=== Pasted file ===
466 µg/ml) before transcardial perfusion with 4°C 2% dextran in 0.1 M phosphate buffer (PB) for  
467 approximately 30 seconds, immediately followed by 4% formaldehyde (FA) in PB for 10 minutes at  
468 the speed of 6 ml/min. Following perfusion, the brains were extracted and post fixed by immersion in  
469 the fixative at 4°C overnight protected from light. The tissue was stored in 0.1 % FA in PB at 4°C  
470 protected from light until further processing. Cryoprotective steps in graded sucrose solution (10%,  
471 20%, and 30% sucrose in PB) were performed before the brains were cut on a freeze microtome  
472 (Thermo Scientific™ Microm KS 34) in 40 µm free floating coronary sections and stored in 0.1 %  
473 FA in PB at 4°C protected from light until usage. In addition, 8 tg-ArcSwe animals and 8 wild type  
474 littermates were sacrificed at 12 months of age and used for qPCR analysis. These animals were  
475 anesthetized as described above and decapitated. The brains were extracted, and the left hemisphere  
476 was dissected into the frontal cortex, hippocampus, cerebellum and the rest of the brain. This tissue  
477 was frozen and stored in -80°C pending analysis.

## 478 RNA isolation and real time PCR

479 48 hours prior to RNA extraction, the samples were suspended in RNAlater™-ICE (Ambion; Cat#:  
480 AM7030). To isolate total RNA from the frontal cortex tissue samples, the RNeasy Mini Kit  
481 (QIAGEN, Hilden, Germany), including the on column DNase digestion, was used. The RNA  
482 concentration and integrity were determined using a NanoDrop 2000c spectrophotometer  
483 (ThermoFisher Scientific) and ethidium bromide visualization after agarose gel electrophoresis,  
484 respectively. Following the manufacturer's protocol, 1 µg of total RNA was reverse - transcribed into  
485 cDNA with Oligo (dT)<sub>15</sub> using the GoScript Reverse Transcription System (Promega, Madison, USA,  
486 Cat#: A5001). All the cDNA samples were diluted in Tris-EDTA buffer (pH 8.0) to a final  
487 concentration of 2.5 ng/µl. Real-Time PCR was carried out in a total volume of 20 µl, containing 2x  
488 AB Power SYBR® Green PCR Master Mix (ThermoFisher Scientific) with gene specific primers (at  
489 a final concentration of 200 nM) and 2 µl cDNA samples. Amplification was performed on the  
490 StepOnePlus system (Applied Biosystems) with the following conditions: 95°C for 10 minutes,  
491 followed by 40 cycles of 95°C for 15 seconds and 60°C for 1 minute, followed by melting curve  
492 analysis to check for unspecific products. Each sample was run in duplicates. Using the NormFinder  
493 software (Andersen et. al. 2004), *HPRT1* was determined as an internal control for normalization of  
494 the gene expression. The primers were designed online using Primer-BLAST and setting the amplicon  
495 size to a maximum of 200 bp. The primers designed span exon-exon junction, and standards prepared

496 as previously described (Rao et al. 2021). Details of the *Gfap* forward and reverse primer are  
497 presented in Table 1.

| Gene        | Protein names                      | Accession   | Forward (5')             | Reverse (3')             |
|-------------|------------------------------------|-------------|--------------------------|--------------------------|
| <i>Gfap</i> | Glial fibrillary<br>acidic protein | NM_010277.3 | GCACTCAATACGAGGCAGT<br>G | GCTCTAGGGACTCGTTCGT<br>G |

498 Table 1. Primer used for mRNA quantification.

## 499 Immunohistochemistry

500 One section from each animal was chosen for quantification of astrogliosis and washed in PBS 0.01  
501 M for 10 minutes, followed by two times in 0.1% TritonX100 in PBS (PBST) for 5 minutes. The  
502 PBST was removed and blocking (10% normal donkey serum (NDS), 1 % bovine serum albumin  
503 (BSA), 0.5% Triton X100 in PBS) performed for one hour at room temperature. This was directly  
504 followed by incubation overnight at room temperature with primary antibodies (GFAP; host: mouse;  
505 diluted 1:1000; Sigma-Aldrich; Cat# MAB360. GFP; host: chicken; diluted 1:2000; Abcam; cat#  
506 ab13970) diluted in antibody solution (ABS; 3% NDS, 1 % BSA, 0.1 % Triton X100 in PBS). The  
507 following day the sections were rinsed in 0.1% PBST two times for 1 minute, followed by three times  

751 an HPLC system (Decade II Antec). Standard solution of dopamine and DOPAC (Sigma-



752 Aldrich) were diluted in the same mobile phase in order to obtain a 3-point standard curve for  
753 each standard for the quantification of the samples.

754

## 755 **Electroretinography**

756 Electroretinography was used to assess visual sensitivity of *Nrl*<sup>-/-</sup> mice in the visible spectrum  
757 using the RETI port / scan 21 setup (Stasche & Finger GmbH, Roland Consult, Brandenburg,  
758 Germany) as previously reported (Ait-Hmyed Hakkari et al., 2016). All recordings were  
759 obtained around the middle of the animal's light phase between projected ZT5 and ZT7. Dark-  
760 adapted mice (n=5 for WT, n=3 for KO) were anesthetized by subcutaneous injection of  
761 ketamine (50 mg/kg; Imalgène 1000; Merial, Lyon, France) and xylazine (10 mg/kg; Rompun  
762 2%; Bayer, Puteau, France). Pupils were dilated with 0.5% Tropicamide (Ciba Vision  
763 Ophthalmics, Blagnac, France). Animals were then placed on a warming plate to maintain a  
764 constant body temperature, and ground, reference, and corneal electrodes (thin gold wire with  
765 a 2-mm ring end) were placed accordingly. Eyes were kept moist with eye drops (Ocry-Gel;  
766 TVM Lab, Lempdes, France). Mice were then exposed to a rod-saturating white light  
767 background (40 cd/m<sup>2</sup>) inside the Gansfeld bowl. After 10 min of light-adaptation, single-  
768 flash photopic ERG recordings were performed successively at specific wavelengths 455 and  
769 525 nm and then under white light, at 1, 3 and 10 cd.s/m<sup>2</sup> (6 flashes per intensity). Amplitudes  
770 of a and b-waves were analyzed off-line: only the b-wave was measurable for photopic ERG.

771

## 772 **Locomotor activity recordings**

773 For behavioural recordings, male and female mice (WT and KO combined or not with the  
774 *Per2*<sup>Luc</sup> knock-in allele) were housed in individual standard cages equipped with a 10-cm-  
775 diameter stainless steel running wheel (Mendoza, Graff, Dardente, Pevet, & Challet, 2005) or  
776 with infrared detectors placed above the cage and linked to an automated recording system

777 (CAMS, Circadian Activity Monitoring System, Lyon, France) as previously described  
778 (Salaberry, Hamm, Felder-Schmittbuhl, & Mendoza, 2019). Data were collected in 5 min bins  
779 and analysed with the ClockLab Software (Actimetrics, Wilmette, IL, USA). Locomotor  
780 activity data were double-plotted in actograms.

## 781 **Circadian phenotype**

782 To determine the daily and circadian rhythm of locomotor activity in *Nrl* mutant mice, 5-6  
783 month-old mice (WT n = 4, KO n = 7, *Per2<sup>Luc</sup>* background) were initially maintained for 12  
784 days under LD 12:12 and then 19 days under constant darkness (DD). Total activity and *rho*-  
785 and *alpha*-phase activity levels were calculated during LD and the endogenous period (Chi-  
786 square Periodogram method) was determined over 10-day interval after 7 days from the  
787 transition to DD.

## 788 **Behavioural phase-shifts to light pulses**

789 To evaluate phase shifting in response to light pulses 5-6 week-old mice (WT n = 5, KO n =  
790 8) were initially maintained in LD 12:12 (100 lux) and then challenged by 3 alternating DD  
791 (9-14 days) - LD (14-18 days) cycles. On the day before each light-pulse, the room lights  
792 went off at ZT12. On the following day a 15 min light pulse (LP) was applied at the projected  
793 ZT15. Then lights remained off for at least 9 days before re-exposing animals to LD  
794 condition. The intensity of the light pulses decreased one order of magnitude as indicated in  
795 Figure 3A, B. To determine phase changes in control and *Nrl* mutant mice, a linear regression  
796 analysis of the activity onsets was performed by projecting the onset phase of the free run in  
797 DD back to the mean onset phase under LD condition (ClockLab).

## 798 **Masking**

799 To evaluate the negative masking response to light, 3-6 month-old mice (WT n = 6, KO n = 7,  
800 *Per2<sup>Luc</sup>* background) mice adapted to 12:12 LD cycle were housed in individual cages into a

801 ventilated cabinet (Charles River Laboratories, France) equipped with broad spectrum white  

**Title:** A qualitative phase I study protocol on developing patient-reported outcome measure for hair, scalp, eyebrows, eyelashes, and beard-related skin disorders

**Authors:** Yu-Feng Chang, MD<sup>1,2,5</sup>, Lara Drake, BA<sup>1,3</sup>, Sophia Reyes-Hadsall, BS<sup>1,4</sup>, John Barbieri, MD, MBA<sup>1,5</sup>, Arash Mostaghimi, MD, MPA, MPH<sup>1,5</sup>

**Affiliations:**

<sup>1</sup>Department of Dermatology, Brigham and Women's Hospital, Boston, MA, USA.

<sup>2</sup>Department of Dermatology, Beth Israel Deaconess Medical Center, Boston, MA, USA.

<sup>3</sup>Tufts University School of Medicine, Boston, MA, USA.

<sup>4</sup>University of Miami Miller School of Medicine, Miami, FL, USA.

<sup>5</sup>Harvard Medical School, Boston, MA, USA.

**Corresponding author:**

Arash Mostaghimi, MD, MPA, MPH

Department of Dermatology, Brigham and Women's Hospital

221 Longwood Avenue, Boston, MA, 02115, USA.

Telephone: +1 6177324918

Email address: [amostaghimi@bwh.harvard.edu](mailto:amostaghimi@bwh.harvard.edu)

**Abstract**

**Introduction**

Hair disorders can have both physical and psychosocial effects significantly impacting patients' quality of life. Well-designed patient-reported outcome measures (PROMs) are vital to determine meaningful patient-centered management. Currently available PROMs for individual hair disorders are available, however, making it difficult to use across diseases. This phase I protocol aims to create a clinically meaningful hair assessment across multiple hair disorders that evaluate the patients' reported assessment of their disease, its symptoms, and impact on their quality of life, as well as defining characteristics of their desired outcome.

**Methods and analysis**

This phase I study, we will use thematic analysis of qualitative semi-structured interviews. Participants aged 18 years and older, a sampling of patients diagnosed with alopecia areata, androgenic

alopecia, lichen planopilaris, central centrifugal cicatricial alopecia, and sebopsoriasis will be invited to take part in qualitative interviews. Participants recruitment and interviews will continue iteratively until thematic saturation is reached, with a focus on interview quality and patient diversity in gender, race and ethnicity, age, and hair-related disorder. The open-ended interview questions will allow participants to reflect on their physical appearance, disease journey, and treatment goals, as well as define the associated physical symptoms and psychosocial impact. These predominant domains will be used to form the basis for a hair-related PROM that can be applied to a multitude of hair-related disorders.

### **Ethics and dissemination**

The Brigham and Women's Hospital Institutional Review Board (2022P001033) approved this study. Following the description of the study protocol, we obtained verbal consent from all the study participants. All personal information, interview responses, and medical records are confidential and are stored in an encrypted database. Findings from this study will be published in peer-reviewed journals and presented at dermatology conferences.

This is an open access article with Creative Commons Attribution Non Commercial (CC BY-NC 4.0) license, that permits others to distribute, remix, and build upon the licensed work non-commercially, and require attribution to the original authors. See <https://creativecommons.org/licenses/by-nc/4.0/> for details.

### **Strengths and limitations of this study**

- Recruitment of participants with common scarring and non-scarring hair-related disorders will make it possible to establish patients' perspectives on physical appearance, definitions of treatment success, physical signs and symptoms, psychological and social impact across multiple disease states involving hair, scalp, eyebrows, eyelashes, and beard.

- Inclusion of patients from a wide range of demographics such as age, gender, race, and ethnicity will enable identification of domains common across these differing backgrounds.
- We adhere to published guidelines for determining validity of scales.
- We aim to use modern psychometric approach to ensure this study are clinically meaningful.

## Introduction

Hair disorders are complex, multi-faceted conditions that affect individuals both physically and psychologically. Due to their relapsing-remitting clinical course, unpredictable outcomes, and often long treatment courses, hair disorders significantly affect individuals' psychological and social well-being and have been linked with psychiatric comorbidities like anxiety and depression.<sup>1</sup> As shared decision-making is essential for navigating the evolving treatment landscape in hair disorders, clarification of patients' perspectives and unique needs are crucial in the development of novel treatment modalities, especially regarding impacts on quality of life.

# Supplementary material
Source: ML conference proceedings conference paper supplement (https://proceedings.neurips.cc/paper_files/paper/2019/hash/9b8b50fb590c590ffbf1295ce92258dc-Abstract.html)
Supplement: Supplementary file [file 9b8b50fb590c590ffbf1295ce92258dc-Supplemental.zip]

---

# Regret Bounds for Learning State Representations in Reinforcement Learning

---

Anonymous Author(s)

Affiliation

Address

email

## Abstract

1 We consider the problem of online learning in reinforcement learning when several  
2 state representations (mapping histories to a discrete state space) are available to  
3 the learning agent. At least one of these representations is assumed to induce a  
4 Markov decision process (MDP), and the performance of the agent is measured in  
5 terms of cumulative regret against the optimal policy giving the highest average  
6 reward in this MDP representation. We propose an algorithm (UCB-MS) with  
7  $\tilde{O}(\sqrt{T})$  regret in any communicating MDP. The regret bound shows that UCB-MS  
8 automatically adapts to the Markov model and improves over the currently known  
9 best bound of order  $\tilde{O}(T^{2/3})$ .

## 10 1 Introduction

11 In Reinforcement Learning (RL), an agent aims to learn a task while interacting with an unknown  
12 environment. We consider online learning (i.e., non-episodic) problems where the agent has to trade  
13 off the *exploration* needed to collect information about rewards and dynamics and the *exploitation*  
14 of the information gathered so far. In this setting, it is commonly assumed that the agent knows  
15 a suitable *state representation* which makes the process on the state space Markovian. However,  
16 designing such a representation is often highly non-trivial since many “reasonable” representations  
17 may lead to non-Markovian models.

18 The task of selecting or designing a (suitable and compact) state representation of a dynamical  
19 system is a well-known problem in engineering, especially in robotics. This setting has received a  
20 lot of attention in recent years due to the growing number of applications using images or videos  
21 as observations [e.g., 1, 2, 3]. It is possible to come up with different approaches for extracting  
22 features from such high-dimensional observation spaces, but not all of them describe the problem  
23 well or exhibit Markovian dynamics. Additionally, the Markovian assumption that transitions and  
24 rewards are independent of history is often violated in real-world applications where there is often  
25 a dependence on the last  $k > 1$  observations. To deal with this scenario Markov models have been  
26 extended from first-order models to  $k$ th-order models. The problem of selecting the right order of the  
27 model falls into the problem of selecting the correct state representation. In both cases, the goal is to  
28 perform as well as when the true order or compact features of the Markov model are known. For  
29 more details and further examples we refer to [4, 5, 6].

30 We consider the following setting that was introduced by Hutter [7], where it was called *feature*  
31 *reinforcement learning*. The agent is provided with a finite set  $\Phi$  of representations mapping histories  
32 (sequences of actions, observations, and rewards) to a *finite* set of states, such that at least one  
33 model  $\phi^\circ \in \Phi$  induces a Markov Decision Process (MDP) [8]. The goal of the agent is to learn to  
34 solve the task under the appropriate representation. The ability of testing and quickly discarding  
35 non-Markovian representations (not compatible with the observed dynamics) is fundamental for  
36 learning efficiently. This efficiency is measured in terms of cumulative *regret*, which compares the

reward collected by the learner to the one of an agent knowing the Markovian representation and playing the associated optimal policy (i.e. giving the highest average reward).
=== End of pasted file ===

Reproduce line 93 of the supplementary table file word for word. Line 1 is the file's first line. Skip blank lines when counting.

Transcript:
## 798 **Masking**